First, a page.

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Collect, But Protect! Five Focus Areas for Greater User Privacy
Agathe Caffier
NOV 04, 2015 16:46 PM
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Collect, But Protect! Five Focus Areas for Greater User Privacy


Facebook can automatically identify and tag users in an uploaded photo. An Internet search for a product leads to ads for that product following you all over the Web.


Data stolen from many recent breaches can be aggregated to create a full portrait of your personal information, a portrait that can be used for nefarious purposes.

Privacy is dead. At least that’s what it feels like.

For obvious reasons, data collection has become a touchy subject. Concerns are rising both from user and collector points of view. End users, whether they are employees or customers, are requesting a higher level of respect towards their privacy, and putting forward more questions as to how and why their personal data is handled.

For their part, data collectors must be aware of these growing concerns and take appropriate steps to address them from the ground up, building best practices in privacy into every aspect of the products and services they provide.

Guest article by Agathe Caffier, Senior Counsel, International Operations & Privacy Specialist at DMI

The question before enterprises today is, “What is the best option that will serve customers…while still getting the data I need?” Research sponsored by Raytheon found that the average budget to effectively manage mobile devices is $278 per managed device.

However, current budgets range from $633 down to $98 per device, depending on company size. Whatever your budget, you need to be clear about what focus areas will best serve you and your customers.

1: Be Transparent with Your Customers

Sometimes users are resistant to providing information or access requested within an app, especially when it doesn’t seem to be related to the app’s main functionality. For instance, the Angry Birds game may ask players for their contact list. But users may be reluctant to share that information, unless the app is explicit that this data is used to connect them with friends who play the game. Being transparent is supreme.

2: Rethink Your Data Usage

Whether it’s collected internally or through an app, it’s never too late to assess how your company is handling data. If privacy was not designed at the outset of building your business, you can still audit it. An audit will usually try to understand how data that your business collects flows between different geographical regions and divisions.

When looking at the results of the audit, it will be clear where the pain points are and which actions should be taken. Should you undergo Safe Harbor Certification? Should you update your privacy policy (or, if you do not have one, what should your privacy policy state)?

Think about the app from the user’s perspective. Is your app privacy-friendly? Are your “privacy” notifications (request of collection of location, access to contacts, etc.) invasive and disruptive to the user journey? Did you integrate privacy from the outset of the app build process?

You can improve your users’ experience in a straightforward manner with the help of a strong UX/UI review, combined with an audit of data collection. Be transparent about data usage without being invasive to help increase user engagement and retention.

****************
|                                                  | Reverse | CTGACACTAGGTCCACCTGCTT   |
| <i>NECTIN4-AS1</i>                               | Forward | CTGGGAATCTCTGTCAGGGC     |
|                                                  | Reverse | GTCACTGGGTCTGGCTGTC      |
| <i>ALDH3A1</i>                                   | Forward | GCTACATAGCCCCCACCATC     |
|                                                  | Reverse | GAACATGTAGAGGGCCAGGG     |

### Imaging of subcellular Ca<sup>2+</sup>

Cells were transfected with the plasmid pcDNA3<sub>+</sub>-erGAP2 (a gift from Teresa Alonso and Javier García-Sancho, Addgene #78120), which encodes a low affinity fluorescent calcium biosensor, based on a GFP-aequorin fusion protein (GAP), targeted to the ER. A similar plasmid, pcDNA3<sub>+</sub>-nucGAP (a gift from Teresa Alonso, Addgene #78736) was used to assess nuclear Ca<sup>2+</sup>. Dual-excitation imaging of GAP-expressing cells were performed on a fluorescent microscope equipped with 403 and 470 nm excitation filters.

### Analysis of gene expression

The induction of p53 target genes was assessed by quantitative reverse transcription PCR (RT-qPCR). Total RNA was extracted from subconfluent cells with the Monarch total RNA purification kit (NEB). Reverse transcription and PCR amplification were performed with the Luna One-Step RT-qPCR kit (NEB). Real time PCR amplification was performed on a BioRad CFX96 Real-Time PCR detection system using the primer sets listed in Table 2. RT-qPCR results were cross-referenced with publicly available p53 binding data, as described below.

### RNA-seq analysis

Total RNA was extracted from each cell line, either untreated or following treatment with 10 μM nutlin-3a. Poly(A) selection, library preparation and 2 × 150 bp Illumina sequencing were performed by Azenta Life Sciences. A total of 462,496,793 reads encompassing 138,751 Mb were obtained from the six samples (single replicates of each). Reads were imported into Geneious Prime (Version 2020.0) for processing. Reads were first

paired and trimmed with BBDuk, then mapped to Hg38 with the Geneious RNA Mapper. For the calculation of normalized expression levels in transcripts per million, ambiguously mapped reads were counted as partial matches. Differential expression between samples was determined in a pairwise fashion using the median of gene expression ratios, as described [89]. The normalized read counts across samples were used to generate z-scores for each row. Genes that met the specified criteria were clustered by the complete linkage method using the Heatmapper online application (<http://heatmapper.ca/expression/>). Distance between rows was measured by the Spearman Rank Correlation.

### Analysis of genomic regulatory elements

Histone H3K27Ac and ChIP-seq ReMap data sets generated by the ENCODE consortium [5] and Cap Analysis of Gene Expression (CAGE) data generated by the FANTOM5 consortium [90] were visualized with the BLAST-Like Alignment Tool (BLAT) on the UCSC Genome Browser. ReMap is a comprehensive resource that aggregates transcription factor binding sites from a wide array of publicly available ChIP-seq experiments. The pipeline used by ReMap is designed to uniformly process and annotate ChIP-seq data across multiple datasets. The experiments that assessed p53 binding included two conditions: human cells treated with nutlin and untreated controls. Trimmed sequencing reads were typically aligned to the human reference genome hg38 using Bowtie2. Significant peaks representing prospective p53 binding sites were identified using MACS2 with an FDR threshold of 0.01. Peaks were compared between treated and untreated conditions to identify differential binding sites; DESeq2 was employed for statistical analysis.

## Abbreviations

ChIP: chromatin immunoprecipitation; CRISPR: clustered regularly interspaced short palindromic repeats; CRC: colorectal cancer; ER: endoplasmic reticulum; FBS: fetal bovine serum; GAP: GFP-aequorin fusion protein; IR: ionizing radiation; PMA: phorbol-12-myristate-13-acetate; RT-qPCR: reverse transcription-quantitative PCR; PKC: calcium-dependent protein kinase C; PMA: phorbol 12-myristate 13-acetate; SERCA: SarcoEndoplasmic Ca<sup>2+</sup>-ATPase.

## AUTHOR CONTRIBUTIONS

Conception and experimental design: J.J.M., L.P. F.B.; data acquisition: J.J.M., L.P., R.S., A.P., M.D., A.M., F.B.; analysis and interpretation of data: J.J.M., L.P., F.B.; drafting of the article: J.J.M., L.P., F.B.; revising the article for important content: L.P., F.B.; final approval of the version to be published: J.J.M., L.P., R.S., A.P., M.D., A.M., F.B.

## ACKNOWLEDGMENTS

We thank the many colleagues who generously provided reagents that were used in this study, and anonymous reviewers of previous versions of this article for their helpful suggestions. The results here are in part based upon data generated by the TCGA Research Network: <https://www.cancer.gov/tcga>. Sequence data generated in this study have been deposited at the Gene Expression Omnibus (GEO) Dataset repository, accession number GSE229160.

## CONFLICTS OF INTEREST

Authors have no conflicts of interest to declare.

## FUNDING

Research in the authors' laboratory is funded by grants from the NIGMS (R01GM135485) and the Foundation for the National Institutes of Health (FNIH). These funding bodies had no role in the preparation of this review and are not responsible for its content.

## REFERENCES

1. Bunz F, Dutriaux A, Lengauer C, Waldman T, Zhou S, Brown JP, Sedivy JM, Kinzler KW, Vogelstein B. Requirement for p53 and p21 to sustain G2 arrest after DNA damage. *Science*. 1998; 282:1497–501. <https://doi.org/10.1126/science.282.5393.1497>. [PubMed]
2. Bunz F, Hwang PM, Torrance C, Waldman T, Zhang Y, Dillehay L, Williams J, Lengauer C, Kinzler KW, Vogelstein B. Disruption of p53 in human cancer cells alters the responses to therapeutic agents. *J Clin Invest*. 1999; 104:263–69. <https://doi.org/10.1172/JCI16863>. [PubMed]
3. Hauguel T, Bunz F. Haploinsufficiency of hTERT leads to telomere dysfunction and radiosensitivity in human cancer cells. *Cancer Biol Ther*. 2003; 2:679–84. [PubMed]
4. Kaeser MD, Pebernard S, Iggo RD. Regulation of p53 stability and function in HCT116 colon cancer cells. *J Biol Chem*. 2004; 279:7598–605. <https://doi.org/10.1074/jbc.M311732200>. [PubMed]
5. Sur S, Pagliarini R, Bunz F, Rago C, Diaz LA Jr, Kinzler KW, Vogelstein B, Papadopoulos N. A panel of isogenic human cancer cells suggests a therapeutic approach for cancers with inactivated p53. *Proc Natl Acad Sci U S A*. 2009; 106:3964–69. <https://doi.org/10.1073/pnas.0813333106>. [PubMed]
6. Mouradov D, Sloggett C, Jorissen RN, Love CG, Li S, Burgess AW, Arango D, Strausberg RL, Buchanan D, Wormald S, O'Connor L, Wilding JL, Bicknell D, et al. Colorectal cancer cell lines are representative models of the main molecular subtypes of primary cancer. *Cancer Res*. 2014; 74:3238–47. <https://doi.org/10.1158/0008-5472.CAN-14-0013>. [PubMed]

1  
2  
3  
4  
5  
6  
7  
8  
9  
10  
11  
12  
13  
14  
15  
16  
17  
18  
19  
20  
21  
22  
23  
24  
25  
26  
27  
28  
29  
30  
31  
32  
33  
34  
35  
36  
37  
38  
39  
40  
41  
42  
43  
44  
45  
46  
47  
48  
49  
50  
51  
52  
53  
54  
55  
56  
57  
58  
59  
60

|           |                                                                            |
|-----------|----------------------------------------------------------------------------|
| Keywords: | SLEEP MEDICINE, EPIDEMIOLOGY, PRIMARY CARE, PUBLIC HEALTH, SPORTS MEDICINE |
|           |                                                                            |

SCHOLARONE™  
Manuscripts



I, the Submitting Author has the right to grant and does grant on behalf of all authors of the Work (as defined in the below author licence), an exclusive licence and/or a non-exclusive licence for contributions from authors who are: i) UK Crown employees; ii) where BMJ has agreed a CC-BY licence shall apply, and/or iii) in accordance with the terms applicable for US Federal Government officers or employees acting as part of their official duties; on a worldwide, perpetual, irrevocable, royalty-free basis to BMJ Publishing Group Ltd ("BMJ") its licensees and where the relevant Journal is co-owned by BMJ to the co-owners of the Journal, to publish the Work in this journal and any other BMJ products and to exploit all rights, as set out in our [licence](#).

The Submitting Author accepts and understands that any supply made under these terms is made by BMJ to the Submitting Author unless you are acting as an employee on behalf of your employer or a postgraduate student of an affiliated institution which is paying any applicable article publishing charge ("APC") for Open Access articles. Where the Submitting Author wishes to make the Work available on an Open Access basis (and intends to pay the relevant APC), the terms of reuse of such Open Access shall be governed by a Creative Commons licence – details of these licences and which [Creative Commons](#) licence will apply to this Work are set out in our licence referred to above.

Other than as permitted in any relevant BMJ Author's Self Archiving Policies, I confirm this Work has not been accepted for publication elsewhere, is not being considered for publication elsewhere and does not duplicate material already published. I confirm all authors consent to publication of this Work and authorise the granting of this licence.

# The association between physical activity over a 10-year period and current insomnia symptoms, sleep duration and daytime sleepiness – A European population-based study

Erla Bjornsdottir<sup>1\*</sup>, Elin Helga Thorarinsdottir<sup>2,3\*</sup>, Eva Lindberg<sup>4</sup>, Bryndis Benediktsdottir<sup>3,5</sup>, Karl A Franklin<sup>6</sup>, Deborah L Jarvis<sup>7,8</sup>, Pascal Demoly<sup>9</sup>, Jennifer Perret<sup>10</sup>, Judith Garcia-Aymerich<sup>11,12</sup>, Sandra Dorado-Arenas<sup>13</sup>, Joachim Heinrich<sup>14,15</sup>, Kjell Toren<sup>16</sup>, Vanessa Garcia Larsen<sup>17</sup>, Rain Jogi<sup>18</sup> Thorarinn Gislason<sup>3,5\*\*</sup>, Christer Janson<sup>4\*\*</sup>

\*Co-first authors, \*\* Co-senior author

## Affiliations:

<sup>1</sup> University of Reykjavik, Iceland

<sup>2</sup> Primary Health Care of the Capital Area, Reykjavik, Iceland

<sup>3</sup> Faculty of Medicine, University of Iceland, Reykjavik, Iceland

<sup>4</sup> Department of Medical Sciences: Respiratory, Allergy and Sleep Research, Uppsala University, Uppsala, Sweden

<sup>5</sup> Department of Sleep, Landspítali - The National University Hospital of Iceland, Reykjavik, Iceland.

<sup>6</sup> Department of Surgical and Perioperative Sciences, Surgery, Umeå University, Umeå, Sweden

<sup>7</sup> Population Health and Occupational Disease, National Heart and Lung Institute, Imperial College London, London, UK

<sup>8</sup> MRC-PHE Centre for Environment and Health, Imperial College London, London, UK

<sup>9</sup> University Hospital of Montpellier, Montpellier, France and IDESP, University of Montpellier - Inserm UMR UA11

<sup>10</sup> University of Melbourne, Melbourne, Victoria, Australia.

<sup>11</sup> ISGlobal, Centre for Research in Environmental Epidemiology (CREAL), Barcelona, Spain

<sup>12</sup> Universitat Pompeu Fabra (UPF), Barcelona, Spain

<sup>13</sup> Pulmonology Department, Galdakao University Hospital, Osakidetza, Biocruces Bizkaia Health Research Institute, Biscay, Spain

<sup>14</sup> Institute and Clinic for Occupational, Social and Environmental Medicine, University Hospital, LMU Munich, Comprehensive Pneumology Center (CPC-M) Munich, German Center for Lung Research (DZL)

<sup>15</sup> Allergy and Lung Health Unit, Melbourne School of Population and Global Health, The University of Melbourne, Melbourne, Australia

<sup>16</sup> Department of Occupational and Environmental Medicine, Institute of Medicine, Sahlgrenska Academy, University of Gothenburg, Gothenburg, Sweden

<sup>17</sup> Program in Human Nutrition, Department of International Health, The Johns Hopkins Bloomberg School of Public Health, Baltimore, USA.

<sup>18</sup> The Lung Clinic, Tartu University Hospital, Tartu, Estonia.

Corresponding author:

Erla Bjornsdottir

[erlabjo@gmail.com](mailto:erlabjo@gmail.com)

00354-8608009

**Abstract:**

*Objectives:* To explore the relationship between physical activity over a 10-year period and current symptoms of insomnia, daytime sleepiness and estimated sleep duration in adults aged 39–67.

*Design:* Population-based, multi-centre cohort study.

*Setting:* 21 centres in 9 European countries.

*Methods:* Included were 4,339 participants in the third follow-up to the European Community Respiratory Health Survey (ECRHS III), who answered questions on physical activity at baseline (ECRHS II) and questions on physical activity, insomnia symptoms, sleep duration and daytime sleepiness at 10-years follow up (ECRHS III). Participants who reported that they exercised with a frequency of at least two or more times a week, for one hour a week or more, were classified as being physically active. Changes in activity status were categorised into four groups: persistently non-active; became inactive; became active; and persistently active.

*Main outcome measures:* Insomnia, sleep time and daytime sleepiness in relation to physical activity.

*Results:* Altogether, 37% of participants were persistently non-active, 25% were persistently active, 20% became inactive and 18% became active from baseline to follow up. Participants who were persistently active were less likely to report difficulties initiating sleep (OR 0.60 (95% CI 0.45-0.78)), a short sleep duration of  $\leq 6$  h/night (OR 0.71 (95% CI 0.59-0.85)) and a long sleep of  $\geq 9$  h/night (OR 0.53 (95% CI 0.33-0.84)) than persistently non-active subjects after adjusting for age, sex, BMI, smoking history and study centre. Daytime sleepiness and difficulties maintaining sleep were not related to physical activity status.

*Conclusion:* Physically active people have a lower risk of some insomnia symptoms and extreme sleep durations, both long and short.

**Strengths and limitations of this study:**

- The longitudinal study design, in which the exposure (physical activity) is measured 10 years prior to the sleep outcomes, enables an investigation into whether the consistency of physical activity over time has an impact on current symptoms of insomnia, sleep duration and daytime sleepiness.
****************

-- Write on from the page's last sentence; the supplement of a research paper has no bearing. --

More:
3: Revise Your Policies

In our 24/7 world of hyperconnectivity, privacy policies can quickly become outdated.

At an organizational level, designate a member of your team and place them in charge of verifying if the privacy policy needs updating annually. Long gone are the days when privacy policies were written once to tick a box on the list. They are now a tool empowering you to understand your business better.

At the app level, consider the reality that almost no one reads privacy policies. If you would like your user to read it, our recommendation is to make it as visual and interactive as possible.

4: Measure Your Risk

It’s not always easy to know if your privacy and security initiatives are in sync with the level of risk that your business actually faces. Business-minded people will always be more inclined to take a more risky approach for the sake of business innovation. And this is fine — just be clear about it.

5: Invest in Training

It may come as a surprise that most data breaches are the result of employees who fall for one scheme or another (phishing emails, social engineering calls, etc.). The solution here may seem straightforward: improving security training among employees within the organization, ranging from basic password guidelines to restricted access policies.

However, businesses are facing the issue that employees don’t always apply what is learned during training, even less so when carried out through an online platform. Make sure you use a relatable storytelling approach specific to your audience, as well as innovative and interactive workshops to involve your employees as an integral part of your privacy solution.

Collect…But Protect!

Data collection can be a goldmine for businesses, opening new revenue streams and creating greater insights that lead to better customer service and customized experiences.

However, in this touchy, “hands off my data” atmosphere, data collection can also be a minefield. It is important to put policies and processes in place to get the data you need — and offer the maximum safety for that data — without alienating your customers and prospects.

- See more at: http://www.techproessentials.com/collect-but-protect-five-focus-areas-for-greater-user-privacy/#sthash.Dcx8U4Yd.dpuf
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